Conservative Finance Minister Jim Flaherty nearly broke down in tears last week at a press conference when a journalist asked him whether he had any advice for this old friend of the family. He said simply that he hoped the man got help ( I think we’re past the point of AA meetings here, Jimbo).

Of course, Tories are all heart when it comes to their own. Whereas when we’re talking about the unfortunate souls addicted to heroin who count on safe injection sites all over the country, they have no patience and will again try and thwart any attempt to provide this type of harm reduction during this session of Parliament.

Other members of the Harper government were less sympathetic towards Ford, but none of them were willing to go as far as to call for the Mayor to turn in his official necklace and do the city, country and office he’s repeatedly disgraced with his various drunken shenanigans, a massive favour by quitting. This is a far cry from Harper’s infamous 2011 BBQ footage in which he praised Ford for cleaning up the previous administration’s “mess” created by Mayor David Miller, loosely affiliated with the NDP (Ah yes. Remember when Toronto’s biggest problem was a garbage strike?) .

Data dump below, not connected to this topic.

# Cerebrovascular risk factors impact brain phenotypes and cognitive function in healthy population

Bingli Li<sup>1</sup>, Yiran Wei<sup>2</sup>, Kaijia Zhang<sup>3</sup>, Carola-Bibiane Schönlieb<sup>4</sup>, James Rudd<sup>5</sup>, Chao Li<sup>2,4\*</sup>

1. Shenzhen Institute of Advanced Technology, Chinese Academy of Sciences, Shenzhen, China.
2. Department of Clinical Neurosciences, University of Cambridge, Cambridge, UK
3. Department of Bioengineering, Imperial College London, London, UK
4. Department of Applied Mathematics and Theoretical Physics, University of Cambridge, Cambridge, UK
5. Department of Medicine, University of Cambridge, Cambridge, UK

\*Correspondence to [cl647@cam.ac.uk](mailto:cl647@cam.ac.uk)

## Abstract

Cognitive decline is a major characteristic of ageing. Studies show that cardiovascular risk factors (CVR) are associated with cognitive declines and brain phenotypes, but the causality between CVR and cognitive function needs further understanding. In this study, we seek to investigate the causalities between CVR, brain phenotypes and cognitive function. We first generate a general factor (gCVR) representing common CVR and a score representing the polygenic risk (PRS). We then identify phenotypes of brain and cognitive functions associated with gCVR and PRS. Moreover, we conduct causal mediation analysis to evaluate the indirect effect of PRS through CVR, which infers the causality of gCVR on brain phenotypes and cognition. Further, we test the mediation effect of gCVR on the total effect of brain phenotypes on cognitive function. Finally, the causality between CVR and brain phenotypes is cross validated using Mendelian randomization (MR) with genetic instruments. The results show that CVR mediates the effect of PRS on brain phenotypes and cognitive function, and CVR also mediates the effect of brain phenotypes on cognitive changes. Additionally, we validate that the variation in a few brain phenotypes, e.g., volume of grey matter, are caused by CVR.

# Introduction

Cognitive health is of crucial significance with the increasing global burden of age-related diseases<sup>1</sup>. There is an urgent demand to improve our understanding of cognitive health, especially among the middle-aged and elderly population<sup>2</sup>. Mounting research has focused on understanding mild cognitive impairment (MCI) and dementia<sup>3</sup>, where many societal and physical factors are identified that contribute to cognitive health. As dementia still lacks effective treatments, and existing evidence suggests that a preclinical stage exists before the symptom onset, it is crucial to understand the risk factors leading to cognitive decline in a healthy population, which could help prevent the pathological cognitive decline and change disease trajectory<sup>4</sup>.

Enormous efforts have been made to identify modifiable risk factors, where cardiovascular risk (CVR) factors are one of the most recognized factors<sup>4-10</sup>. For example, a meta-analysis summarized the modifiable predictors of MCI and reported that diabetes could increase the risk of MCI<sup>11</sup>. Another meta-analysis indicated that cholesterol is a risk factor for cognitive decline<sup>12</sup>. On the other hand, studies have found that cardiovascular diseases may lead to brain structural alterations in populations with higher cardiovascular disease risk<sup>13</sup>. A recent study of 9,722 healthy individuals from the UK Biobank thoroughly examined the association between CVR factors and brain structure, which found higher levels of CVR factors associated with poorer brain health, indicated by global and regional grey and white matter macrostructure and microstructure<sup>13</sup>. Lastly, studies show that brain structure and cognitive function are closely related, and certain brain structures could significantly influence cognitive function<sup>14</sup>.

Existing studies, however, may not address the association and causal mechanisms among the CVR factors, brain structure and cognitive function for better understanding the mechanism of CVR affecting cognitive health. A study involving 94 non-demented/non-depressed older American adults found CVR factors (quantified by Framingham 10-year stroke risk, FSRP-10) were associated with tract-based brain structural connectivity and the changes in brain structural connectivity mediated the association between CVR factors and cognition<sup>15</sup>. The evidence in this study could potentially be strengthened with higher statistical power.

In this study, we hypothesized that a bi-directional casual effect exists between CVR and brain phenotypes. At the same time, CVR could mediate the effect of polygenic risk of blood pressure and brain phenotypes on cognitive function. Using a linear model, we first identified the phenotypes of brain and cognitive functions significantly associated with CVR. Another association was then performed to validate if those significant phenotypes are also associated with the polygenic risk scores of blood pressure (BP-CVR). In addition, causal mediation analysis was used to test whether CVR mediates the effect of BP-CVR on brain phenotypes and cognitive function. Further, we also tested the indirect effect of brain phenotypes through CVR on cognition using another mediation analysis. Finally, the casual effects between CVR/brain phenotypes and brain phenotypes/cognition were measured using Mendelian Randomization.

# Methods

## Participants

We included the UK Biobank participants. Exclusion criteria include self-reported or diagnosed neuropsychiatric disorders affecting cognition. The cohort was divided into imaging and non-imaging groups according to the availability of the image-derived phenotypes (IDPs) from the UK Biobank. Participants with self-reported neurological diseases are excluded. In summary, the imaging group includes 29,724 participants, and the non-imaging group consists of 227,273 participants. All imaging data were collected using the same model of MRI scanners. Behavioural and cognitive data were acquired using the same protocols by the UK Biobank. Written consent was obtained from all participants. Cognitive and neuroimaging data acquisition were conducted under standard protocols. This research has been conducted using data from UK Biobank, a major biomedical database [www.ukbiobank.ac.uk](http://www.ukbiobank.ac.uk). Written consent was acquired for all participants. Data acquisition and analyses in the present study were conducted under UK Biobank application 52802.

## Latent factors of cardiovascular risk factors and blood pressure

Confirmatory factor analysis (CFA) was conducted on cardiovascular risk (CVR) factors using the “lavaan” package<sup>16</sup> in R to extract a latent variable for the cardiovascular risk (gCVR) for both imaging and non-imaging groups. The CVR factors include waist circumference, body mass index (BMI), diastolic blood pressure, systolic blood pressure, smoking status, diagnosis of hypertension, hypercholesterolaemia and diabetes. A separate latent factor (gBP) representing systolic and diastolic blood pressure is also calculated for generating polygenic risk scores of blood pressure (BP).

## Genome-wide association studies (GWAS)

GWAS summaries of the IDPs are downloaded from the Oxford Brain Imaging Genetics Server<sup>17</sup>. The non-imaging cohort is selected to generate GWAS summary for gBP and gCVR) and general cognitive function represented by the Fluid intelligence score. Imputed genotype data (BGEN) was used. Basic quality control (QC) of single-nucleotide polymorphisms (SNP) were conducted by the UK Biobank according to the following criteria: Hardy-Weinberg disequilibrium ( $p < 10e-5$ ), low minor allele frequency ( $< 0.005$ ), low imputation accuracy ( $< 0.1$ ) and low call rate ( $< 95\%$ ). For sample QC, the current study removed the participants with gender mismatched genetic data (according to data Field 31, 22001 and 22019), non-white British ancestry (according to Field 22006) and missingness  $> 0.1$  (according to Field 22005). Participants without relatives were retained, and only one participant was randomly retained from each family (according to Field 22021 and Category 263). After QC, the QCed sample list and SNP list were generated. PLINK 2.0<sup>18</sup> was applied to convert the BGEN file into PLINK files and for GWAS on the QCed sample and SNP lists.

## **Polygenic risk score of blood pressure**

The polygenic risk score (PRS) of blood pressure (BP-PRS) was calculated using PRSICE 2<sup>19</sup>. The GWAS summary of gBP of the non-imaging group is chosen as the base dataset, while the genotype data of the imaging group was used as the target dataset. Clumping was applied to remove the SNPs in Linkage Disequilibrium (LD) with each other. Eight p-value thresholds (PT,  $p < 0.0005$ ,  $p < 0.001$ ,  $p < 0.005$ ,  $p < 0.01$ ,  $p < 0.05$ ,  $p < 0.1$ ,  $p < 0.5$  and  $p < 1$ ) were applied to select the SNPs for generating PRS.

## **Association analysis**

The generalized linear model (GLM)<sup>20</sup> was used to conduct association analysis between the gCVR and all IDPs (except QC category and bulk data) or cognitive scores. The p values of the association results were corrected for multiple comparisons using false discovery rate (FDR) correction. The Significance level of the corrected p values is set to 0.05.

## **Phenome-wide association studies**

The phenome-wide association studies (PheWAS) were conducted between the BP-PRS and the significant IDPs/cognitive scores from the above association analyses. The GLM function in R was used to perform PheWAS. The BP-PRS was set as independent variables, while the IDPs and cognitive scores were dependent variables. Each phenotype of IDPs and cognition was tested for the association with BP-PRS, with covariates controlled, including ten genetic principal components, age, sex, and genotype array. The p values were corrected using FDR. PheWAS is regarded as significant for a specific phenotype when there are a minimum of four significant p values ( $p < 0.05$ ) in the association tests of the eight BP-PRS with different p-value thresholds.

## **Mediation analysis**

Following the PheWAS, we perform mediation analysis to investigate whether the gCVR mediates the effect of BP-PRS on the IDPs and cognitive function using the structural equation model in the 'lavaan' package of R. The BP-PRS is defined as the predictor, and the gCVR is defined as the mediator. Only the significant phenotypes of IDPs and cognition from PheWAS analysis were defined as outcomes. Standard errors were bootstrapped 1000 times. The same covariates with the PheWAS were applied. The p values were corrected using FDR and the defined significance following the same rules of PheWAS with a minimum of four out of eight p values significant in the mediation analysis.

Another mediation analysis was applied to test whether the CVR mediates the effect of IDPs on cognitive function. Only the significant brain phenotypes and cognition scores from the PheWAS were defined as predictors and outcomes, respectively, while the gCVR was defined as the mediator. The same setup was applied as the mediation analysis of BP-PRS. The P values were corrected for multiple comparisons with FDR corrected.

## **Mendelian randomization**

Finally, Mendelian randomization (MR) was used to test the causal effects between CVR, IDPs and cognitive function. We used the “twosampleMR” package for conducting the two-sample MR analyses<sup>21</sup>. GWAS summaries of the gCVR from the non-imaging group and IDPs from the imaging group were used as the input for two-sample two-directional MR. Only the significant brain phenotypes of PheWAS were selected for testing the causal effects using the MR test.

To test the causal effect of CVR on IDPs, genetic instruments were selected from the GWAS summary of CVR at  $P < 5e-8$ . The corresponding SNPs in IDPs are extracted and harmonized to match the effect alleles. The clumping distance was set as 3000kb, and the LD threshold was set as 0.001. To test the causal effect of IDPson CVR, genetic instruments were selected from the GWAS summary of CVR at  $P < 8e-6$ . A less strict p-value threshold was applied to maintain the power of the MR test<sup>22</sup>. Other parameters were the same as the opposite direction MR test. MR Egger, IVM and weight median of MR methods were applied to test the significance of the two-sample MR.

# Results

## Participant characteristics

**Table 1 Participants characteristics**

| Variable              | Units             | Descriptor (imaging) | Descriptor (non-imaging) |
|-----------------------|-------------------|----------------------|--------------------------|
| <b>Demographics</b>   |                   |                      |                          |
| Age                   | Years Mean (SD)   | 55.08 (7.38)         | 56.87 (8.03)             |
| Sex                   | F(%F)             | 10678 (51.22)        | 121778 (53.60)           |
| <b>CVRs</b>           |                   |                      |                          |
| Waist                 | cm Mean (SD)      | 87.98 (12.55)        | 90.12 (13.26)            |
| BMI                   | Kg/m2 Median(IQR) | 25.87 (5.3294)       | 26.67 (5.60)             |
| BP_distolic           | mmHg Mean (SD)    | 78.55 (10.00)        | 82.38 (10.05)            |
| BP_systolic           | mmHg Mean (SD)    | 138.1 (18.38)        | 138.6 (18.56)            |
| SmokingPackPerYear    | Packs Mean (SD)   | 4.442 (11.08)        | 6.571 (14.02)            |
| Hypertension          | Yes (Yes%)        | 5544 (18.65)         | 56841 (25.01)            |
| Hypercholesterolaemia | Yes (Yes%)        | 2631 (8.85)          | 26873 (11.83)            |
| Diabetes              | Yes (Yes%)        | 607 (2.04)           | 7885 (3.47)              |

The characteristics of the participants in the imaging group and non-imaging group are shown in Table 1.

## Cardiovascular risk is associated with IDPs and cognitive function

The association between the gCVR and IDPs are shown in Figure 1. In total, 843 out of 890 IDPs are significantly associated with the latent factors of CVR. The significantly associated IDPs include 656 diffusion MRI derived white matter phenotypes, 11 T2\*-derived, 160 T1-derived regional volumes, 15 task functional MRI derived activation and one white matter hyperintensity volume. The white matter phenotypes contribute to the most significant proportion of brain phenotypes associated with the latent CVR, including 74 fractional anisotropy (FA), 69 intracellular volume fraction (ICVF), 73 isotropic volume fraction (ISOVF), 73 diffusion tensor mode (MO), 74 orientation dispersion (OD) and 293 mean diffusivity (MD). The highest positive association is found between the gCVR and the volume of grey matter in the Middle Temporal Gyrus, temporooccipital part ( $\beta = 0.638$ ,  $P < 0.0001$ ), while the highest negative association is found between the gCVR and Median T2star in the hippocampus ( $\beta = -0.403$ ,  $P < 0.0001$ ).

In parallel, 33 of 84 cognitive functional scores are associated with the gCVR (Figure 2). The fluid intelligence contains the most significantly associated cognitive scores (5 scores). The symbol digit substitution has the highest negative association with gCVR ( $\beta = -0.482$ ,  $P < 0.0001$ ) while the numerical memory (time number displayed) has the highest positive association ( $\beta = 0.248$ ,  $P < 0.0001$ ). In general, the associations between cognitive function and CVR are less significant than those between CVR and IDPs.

The reasons for the measured criticisms are clear: “Ford Nation” suburbanites, many of whom inexplicably still back the Mayor, are largely found in the same 905 area code ridings that are critical to any Conservative victory in the next Federal Election. The Fords were staunch Harper allies in the last election and the Mayor’s shady brother Doug Ford has mused openly about running for the Tories in the upcoming election (presumably on some sort of tough on drug crime platform).

Obvious political and personal hypocrisy notwithstanding, there is also the fact that “Fordzilla”(as one wag on twitter dubbed him) is currently a lame duck Mayor whose personal problems are preventing him from governing the most populous and still most economically important city in Canada. This is as much a crisis in leadership and administration as it is a tragicomedy media circus playing out before an international audience.

Although the solution to the current crisis in Toronto is being debated, the answer may lie in the resolution reached by the Quebec government during the Vaillancourt scandal in which the gangster (this is the technical term used in his indictment) Mayor of Laval was removed from office. In that instance, the city was effectively run by a panel of three technocrats appointed by the provincial government until municipal elections were held, on November 3rd. This might not be the most democratic option for the Wynn government in Ontario but it remains a viable path forward.

It’s time for Federal Tories (especially those representing the Greater Toronto Area) to set aside their talking points and their election strategy book, grow some spine and join the rest of their fellow elected representatives of all stripes in denouncing the Mayor and calling for his immediate resignation.

* Top image by designwallah via Flickr, used under Creative Commons